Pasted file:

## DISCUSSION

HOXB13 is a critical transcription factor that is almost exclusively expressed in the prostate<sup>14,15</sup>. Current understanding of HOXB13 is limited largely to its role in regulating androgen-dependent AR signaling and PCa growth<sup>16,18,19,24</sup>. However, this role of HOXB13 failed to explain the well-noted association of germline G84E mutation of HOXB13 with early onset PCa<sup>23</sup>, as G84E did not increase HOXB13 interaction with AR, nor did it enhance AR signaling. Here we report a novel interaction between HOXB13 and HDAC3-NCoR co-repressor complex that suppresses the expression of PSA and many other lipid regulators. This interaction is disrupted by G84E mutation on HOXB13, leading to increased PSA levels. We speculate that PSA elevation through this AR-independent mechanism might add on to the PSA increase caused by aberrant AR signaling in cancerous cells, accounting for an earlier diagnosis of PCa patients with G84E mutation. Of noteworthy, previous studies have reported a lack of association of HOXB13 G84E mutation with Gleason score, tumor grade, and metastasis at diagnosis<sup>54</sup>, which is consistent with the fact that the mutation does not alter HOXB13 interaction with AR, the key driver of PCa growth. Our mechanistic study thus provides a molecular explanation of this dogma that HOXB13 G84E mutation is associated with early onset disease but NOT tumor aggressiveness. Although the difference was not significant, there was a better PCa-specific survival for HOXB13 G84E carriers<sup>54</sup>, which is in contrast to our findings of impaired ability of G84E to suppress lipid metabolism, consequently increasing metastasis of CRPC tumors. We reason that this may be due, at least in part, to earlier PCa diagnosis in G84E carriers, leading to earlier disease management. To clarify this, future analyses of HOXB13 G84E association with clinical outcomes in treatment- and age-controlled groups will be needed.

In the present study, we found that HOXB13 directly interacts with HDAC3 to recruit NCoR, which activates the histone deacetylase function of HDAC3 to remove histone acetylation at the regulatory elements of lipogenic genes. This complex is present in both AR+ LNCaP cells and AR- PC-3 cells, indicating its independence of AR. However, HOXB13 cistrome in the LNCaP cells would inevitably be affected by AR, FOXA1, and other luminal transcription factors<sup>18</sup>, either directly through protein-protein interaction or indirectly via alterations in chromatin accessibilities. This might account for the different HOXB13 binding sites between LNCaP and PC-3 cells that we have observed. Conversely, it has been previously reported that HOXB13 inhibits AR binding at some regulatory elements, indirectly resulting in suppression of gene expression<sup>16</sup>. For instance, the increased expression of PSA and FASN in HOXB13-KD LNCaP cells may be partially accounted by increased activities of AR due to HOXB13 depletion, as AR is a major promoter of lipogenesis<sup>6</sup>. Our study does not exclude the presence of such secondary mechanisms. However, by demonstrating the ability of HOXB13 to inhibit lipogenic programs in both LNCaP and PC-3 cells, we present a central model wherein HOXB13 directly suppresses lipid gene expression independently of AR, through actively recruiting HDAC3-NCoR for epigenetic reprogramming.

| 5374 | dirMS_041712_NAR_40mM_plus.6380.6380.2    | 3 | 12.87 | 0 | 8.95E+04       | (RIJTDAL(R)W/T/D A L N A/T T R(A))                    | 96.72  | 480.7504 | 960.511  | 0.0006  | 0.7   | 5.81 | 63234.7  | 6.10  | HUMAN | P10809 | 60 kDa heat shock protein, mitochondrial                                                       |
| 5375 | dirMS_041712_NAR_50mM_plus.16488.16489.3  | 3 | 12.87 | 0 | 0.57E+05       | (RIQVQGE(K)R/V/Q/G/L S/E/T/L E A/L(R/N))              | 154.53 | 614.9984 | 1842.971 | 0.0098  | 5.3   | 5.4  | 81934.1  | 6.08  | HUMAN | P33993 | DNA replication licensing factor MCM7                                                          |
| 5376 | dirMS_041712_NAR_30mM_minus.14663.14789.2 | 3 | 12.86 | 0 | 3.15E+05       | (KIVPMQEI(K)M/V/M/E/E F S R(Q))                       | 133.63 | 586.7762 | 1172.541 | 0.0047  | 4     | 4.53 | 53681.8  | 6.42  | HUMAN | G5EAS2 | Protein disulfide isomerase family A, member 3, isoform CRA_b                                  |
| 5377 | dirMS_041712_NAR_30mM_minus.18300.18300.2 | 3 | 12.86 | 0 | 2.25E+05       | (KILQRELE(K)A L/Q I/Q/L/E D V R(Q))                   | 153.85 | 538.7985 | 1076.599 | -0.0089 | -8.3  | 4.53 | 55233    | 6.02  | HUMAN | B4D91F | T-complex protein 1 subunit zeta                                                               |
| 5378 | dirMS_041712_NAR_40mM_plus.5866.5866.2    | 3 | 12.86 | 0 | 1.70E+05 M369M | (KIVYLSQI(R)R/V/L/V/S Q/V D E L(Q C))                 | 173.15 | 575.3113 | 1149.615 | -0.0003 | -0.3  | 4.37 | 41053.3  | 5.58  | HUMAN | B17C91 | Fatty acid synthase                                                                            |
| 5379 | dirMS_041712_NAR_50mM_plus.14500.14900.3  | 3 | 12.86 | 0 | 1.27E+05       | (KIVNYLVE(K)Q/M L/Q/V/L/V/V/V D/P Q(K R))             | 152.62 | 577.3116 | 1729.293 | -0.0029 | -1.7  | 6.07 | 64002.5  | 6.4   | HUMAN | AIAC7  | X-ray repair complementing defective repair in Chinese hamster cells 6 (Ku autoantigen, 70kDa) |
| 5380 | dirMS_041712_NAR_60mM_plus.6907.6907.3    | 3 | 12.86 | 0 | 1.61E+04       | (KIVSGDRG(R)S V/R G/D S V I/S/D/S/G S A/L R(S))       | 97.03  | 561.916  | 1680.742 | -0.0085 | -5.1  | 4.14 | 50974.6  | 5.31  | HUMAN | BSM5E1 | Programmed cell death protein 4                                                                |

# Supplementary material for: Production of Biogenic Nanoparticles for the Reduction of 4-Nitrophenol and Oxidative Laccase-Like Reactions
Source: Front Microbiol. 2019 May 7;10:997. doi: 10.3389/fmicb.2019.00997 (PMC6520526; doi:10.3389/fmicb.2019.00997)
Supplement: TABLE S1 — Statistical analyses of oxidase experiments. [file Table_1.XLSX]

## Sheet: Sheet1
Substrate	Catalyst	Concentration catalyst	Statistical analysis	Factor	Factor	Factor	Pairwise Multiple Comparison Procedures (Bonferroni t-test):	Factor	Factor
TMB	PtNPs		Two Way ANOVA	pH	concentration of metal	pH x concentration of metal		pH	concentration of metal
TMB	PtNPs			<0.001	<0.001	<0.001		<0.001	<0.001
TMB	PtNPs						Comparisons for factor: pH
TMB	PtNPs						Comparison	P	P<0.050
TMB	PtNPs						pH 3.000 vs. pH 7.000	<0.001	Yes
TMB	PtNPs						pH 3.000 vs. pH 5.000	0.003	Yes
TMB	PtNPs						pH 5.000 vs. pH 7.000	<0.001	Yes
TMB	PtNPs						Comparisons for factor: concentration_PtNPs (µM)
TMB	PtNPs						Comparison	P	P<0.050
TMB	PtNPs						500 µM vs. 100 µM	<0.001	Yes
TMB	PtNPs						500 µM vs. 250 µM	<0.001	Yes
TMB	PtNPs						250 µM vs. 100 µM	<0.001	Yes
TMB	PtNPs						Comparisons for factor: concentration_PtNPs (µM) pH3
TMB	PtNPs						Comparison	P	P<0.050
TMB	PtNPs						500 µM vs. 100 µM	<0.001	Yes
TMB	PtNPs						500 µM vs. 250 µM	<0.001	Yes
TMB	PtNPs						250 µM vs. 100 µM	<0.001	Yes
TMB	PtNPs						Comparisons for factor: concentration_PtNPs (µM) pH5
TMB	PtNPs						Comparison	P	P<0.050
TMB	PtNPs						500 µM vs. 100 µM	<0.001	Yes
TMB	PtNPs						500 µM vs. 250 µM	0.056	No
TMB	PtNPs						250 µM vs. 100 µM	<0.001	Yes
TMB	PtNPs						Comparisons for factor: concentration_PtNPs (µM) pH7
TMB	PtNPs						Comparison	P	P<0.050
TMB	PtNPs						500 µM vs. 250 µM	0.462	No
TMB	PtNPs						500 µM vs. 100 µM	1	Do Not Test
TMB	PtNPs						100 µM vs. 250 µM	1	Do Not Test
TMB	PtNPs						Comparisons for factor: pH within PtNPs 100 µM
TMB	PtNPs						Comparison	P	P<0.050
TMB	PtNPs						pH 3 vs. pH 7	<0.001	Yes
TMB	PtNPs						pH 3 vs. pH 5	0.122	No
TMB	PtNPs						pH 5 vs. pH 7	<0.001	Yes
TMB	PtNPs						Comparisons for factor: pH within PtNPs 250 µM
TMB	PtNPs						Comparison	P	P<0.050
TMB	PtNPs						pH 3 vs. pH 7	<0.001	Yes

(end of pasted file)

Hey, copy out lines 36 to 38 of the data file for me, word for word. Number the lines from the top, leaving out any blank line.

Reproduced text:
TMB	PtNPs						500 µM vs. 250 µM	0.056	No
TMB	PtNPs						250 µM vs. 100 µM	<0.001	Yes
TMB	PtNPs						Comparisons for factor: concentration_PtNPs (µM) pH7